Despite ‘science communicator’ being a recognized profession across the world, I still struggle to explain what I do. I try and resist the easy explanation that ‘I’m a journalist and I write about science so people can understand it’. I think part of my struggle is that science communication practitioners can take on many roles: writer, editor, presenter, facilitator, trainer, designer, consultant and relationship manager. Science communication is a messy but delightful mix of so many things.

In addition to being a science communication practitioner, I have become increasingly involved in scholarship that considers theoretical perspectives. In this commentary, I describe my journey exploring the messy conundrum of science communication practice, research and theory. The order of these words is deliberate. My review of the research literature shows that science communication practice drove the early focus of science communication research, from which emerged a number of well-known theoretical perspectives. In a circular process, these theoretical perspectives have, to some extent, influenced practice and have the potential to be themselves further shaped by the empirical analysis of practice.

1 Wading into the messy field of science communication

In its early days, the field of Cultural Studies was described by Raymond Williams as a “vague and baggy monster” [ Murphy, 1992 ]. Science communication is similarly a messy mix of academic disciplines and professional endeavors. While this mix brings youthful strength, vigor and excitement to the field, it also makes the links between science communication practice, research and theory difficult to decipher.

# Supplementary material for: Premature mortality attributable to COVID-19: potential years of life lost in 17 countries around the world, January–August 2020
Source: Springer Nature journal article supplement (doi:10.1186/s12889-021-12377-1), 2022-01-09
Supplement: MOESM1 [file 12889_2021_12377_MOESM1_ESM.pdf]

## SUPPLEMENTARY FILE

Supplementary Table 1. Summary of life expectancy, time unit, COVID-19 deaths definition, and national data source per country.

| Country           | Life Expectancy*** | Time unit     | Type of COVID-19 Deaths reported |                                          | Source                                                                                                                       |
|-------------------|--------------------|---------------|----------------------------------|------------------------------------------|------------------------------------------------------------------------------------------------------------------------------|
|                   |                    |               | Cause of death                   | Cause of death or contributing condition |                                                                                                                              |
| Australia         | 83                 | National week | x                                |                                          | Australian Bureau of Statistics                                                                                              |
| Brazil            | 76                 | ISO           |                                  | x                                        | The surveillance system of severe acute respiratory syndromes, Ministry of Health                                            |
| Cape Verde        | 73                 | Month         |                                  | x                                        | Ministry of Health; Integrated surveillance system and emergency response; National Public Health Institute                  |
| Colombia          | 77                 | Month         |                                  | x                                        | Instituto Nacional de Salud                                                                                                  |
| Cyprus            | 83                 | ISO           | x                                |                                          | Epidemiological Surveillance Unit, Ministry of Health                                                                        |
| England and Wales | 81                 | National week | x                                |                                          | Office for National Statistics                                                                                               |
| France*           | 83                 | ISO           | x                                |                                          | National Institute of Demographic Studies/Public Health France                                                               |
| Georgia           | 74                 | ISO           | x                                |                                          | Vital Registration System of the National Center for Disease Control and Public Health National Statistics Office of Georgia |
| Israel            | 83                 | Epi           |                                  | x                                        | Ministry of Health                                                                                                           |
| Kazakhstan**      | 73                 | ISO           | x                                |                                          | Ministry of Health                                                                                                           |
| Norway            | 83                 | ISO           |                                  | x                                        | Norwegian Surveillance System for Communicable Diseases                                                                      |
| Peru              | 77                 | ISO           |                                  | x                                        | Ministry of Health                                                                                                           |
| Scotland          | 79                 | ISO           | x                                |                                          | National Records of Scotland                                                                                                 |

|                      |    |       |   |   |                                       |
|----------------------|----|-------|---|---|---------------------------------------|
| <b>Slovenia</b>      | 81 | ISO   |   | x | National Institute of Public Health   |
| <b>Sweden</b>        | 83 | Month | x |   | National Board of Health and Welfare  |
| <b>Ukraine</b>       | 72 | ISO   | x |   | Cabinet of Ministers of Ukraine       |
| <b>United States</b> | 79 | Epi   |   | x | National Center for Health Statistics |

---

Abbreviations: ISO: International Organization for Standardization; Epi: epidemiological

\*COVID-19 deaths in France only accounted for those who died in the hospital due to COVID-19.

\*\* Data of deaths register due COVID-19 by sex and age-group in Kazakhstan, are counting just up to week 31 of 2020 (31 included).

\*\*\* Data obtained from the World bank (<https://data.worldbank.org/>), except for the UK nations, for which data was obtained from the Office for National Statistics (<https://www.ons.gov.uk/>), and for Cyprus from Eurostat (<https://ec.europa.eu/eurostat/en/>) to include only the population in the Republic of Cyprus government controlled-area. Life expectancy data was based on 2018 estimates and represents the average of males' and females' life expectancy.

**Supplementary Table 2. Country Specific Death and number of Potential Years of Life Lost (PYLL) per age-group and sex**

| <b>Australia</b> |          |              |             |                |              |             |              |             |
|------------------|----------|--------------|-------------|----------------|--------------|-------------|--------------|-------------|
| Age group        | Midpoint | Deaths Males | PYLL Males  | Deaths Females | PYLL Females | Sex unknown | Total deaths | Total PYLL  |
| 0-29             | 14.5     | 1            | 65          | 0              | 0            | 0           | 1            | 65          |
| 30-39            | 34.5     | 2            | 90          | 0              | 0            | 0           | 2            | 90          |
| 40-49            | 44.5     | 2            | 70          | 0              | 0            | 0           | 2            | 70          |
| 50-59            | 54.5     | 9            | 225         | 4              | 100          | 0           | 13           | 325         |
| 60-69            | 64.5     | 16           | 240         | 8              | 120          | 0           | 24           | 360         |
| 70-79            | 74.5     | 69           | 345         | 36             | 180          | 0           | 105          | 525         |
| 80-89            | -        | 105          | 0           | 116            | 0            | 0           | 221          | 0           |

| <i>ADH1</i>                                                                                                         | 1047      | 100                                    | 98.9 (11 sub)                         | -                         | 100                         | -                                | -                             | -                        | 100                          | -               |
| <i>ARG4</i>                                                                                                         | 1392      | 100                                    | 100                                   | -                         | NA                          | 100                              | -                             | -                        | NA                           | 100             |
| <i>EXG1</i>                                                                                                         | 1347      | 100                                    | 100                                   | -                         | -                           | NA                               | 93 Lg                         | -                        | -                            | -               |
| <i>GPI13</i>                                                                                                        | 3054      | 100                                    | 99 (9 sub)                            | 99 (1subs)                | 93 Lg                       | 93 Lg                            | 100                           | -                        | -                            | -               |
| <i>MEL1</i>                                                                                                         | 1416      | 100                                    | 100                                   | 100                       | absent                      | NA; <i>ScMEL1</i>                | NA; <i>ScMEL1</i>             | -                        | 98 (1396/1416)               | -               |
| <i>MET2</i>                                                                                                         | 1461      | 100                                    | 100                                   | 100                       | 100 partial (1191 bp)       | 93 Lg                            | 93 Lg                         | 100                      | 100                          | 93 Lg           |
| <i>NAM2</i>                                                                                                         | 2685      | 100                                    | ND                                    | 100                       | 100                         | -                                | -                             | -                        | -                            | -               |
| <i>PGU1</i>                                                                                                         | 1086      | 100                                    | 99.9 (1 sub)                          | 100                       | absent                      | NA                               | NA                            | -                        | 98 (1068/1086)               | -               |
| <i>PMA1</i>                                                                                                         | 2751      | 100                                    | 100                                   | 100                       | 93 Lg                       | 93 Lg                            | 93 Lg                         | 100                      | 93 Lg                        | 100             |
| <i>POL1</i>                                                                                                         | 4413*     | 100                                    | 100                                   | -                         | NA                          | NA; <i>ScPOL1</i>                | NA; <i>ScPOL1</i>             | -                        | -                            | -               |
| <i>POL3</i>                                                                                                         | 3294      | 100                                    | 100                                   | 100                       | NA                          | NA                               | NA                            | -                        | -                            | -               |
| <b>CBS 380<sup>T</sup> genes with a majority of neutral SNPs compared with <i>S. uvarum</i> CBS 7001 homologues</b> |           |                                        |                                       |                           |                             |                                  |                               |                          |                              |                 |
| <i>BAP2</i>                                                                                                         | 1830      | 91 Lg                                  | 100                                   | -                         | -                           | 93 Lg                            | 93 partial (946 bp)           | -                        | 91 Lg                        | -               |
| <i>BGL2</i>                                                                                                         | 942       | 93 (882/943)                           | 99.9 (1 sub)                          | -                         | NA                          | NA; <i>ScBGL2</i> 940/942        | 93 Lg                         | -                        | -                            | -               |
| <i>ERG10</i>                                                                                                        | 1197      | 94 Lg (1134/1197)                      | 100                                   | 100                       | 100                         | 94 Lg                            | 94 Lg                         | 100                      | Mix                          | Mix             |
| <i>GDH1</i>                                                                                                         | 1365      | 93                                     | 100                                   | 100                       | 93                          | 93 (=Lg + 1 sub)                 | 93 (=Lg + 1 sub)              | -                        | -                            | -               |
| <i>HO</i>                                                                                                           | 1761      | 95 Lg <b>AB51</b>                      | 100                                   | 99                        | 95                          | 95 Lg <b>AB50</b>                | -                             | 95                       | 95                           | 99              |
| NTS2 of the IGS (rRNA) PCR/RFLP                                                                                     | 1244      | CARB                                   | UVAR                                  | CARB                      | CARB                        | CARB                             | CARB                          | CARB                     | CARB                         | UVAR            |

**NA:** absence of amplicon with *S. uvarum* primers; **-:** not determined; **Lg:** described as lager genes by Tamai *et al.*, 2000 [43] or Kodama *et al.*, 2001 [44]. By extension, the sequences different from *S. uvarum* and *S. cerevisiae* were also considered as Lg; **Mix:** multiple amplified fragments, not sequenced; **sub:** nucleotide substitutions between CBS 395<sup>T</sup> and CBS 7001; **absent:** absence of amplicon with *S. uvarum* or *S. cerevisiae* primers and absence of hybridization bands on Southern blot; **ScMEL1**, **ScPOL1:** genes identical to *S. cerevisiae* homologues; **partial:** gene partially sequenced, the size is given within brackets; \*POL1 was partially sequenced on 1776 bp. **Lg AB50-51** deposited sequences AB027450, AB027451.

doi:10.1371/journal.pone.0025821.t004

The ‘science communication’ profession encompasses a multitude of possible roles. Burns, O’Connor and Stocklmayer [ 2003 ] point to the lack of clarity about what a science communicator does or should do. They postulate that it is not merely an offshoot from the field of ‘communication’. Instead, they define science communication as “the use of appropriate skills, media, activities, and dialogue to produce one or more of the following responses to science… awareness… enjoyment… interest… opinions…. [and] understanding of science” [ 2003 , p. 191]. This definition emphasizes at least some of the breadth and diversity of roles that a science communicator may occupy, including roles in public relations; journalism and science writing; museum and science center visitor engagement; and facilitating debates, discussions or public participation.

Likewise, as an academic field of research, science communication draws its theories, models, approaches and methodologies from a range of disciplines: sociology, humanities, psychology, linguistics, philosophy and, more recently, communication and media studies, education, library science, information and technology, and political science [ Gascoigne et al., 2010 ; Trench & Bucchi, 2010 ; Rauchfleisch & Schäfer, 2018 ].